What do you seek?

What do you seek?

By | 2015-02-13T17:10:57+00:00 January 18, 2012|Bible, Theology, Virtue & Moral Life|

“What do you seek?” These are the first words Jesus speaks in the Gospel of John (1:37). They are also the words He continuously speaks to us; and only those who continuously answer can rightly be called his disciples. For many of us, the first time we truly let this question pierce our hearts is when we are in the depths of our sins. We finally hit a wall; we get a glimpse of who we are, and the image is not pleasant. We discover, perhaps, that what we thought would make us happy has done no such thing. We see the shallowness of our lives, and in a new way we hear the question, “What are you seeking?”

We begin to realize that what we are seeking is not within our power to grasp. We want fulfillment. We want peace. We want love. We want happiness. And yet, we cannot do it alone. Everything we do to achieve our own happiness seems to backfire. We fall deeper into sinful habits, and, perhaps just when we expected that everything would be okay, we find that we are unhappier than ever. It is at this point that we truly begin to understand the words of St. Augustine: “You made us for yourself, O Lord, and our hearts are restless, until they rest in you.” In other words, we find that we are seeking someone. We find that we are seeking Christ.

In the Dominican Order, we are asked the question, “What do you seek?” on two occasions: at vestition, when we are clothed in the habit, and at profession, when we pronounce vows. At these moments, in the voice of our superior we hear the voice of Christ himself, asking us the very same question he put to those two disciples of John the Baptist: “What do you seek?” But, whereas they replied by asking another question, “Rabbi, where are you staying?” we reply with an answer: “God’s mercy and yours.” We do not ask to be made amazing preachers, to be treasured by the Order, or even for eternal life. We ask for God’s mercy and that of our brothers.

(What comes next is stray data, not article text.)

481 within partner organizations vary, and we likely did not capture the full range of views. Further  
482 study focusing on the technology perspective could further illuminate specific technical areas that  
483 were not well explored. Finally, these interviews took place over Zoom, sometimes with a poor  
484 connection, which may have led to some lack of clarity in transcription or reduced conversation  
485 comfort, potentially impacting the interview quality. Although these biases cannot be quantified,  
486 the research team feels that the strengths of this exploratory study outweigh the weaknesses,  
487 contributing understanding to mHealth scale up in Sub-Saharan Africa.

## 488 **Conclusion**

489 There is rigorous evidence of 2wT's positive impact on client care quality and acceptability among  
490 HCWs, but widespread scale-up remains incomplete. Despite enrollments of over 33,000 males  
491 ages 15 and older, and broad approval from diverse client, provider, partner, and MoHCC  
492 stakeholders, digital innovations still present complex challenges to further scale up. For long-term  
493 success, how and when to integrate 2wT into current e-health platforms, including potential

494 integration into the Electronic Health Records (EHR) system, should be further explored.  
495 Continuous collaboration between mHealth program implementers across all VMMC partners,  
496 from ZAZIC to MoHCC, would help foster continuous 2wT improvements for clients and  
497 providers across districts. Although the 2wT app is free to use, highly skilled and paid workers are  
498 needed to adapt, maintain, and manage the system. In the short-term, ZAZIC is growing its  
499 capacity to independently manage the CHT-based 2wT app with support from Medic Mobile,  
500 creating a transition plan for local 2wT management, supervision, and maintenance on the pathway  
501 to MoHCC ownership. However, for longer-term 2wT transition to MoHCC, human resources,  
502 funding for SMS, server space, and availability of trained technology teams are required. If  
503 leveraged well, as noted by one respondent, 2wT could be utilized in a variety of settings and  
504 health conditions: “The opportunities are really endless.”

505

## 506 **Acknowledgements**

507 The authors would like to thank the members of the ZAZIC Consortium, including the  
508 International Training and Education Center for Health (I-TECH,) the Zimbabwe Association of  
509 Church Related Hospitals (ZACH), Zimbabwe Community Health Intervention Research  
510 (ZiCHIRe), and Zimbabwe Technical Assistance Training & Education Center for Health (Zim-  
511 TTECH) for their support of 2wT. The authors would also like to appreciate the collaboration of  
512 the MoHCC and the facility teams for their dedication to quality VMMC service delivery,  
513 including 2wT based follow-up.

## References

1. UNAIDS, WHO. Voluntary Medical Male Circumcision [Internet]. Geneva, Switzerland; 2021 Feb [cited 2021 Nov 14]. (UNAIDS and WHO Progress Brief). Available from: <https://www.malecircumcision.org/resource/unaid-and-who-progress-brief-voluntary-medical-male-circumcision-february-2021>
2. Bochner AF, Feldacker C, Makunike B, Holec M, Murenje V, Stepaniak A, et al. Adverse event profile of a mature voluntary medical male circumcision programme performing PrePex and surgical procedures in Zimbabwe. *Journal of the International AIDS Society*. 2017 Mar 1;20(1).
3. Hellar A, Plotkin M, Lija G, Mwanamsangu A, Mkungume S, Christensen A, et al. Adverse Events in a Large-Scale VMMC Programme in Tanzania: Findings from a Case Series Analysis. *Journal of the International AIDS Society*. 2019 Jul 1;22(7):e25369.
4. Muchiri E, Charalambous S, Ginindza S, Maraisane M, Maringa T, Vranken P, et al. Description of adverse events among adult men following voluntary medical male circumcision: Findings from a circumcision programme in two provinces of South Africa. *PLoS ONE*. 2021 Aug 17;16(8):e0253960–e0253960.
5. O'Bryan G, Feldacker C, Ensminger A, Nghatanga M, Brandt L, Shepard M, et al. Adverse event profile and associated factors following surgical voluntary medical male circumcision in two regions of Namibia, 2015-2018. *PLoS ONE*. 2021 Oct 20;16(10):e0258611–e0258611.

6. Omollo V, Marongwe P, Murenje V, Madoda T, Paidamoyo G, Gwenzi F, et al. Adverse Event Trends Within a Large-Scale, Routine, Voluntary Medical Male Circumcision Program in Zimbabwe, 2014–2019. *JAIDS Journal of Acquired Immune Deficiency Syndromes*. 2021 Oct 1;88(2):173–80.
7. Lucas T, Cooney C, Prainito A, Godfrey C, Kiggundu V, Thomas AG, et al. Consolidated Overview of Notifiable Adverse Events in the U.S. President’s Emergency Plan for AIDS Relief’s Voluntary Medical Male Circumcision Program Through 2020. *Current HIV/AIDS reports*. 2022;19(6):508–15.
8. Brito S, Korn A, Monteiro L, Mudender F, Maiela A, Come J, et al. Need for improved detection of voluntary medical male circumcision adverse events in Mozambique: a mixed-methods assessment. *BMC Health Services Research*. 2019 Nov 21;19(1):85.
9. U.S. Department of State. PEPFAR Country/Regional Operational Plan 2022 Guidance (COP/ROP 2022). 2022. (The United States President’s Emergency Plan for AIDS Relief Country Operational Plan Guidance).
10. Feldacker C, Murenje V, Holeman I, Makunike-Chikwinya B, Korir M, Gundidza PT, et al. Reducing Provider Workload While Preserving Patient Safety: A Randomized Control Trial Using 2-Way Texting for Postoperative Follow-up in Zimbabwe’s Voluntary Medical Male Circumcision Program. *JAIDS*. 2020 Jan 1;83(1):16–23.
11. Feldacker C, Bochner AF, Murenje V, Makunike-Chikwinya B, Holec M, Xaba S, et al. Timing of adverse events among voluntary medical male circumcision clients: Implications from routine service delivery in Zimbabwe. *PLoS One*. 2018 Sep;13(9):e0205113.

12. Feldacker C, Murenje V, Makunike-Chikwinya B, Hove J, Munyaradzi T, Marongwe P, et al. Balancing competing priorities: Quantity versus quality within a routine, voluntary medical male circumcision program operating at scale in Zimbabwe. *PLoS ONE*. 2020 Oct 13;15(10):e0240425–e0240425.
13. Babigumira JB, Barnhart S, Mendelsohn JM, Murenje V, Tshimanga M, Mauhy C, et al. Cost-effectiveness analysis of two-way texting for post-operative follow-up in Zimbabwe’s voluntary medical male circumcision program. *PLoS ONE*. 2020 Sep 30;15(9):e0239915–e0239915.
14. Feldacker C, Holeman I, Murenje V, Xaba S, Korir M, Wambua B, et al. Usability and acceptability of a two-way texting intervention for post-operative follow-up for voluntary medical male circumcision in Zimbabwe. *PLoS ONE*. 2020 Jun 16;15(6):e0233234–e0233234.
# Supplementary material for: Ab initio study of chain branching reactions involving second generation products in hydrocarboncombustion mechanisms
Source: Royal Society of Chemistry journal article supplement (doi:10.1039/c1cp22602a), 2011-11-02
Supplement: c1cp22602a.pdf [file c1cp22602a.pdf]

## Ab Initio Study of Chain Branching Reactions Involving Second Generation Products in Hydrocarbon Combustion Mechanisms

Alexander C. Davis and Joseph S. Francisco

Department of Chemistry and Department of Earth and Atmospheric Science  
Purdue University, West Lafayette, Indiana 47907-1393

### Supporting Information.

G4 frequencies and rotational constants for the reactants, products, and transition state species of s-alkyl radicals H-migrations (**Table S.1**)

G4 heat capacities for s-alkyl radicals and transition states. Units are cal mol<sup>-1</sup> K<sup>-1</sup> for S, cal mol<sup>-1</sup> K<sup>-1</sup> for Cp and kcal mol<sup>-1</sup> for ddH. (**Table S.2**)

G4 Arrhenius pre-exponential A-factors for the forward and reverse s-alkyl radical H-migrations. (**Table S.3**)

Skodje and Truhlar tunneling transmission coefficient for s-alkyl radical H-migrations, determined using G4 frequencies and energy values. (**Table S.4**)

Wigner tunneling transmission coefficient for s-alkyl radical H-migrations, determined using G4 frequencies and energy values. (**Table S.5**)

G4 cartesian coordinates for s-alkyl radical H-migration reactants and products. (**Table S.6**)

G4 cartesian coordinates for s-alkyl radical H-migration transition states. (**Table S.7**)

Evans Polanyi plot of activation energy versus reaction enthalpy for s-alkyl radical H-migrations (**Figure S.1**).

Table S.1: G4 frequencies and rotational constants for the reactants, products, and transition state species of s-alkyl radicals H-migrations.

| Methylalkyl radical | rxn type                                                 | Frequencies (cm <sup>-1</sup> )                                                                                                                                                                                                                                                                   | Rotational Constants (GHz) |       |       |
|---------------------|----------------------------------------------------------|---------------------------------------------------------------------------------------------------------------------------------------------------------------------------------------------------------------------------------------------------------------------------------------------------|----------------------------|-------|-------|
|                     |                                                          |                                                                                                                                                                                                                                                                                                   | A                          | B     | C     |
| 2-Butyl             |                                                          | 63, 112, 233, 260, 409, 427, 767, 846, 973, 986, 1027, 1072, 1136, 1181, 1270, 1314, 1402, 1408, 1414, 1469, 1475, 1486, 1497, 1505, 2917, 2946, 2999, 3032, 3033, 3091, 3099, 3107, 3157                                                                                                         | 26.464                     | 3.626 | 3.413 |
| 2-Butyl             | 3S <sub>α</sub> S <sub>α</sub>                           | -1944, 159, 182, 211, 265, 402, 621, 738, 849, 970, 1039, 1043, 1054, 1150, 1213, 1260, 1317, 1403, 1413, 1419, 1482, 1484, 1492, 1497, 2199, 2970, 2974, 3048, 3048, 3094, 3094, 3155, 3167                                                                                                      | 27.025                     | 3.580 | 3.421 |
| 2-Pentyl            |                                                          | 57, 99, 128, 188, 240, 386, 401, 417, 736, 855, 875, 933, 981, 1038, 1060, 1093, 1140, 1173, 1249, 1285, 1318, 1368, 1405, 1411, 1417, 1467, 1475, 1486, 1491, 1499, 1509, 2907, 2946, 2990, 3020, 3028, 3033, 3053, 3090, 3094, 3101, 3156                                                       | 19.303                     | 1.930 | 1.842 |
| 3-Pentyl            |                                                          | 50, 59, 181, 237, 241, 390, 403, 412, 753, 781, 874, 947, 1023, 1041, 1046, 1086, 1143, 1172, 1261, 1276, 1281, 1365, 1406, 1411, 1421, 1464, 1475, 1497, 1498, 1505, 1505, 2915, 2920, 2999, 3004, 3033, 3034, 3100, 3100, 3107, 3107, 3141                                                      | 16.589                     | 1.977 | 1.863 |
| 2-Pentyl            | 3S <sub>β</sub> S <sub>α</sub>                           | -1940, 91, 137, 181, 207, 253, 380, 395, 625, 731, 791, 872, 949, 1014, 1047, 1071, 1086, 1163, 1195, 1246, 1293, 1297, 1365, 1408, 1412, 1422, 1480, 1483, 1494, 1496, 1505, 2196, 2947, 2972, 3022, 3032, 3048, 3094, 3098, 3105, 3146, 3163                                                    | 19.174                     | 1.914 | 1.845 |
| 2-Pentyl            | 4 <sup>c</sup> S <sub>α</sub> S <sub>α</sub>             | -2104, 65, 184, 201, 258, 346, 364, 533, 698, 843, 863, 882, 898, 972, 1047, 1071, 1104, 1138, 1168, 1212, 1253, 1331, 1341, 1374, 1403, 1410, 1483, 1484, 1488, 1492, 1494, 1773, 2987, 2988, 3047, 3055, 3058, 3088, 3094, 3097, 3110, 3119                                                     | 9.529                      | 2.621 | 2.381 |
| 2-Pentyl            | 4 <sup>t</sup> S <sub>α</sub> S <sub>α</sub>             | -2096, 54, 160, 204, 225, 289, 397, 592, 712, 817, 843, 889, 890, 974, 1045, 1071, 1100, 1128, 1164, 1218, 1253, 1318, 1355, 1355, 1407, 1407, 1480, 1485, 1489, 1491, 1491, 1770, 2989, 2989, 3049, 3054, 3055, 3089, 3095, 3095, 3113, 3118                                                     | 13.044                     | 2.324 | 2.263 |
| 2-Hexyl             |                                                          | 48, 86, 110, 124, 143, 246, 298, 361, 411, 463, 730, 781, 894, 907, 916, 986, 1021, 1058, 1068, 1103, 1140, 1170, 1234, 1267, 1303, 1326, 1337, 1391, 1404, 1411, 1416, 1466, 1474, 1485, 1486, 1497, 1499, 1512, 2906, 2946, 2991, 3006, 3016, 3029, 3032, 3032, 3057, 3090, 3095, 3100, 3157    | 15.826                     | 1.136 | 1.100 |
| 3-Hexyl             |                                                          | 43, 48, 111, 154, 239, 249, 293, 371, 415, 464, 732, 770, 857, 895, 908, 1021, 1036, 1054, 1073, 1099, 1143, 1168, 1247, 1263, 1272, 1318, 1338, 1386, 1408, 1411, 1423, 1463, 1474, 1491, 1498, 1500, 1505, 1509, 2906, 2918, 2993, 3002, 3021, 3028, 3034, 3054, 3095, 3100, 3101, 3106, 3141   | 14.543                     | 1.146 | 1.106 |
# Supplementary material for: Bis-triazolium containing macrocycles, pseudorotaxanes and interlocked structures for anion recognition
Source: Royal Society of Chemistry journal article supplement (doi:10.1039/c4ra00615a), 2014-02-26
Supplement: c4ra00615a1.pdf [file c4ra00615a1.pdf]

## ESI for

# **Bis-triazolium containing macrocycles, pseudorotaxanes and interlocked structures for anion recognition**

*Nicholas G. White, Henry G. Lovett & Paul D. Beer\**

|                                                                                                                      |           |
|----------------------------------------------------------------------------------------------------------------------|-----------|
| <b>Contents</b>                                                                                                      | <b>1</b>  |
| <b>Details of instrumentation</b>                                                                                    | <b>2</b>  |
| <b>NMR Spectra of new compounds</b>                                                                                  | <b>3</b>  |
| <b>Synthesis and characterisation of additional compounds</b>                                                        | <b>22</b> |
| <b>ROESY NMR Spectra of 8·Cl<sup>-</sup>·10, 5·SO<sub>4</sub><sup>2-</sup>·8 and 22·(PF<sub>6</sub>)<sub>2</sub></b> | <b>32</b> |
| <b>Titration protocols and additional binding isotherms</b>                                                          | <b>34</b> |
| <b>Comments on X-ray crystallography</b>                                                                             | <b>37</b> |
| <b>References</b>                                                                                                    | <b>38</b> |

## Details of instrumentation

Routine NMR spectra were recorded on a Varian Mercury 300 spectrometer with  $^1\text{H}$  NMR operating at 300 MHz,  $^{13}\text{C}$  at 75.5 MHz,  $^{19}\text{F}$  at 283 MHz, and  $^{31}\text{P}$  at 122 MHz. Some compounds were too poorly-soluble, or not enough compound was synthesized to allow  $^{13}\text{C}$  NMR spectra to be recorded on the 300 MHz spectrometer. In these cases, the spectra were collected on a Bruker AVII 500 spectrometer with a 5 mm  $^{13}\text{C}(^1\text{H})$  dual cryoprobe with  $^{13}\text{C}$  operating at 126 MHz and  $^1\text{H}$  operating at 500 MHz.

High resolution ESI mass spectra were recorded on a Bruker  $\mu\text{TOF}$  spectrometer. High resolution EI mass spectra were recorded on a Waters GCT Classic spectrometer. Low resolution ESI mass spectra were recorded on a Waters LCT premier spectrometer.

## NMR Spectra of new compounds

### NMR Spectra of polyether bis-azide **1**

This answer is one of absolute humility, and for the rest of our Dominican lives we are called to grow into that humility. Over and over again, we are called to seek God’s mercy and, in receiving it, to hope for eternal life with him. Over and over again, we are called to ask for mercy from our brothers and, in receiving it, to give it freely in our turn. In this way, we discover that it is part of God’s mercy toward us that He allows us the grace of extending his mercy to our brothers and sisters.

Another thing we discover, in this receiving and sharing of God’s mercy, is that God’s mercy is God himself. Of course, his mercy can and does show itself in individual acts: in forgiveness for the sinner, comfort for the sorrowing, self-control for the intemperate, etc. Ultimately, however, these individual acts are manifestations of God’s self-giving love, and He and his love are identical. Thus, we find that the final cure for our woes, the ultimate source of our happiness, does not lie in any of the good things God does for us, but rather in God himself. Life with and in the triune God: this is what all Dominicans, all Christians, seek.

Yet still we find ourselves seeking God in every place except where we might actually find him. We look for him – we look for happiness – in the strangest of ways: by surfing the Web, by watching television marathons, or by doing any of the hundreds of other things we can devise to entertain and distract ourselves. We do this because seeking God is sometimes a painful task that involves dying to self. It means taking up our cross and following One who was crucified. We must remember, however, that He loves us, and that He died for us so that we might be happy with him forever. Therein lies the mercy.

So, what do you seek?

Image: Unknown, St. Dominic Clothes St. Hyacinth in the Habit at Santa Sabina

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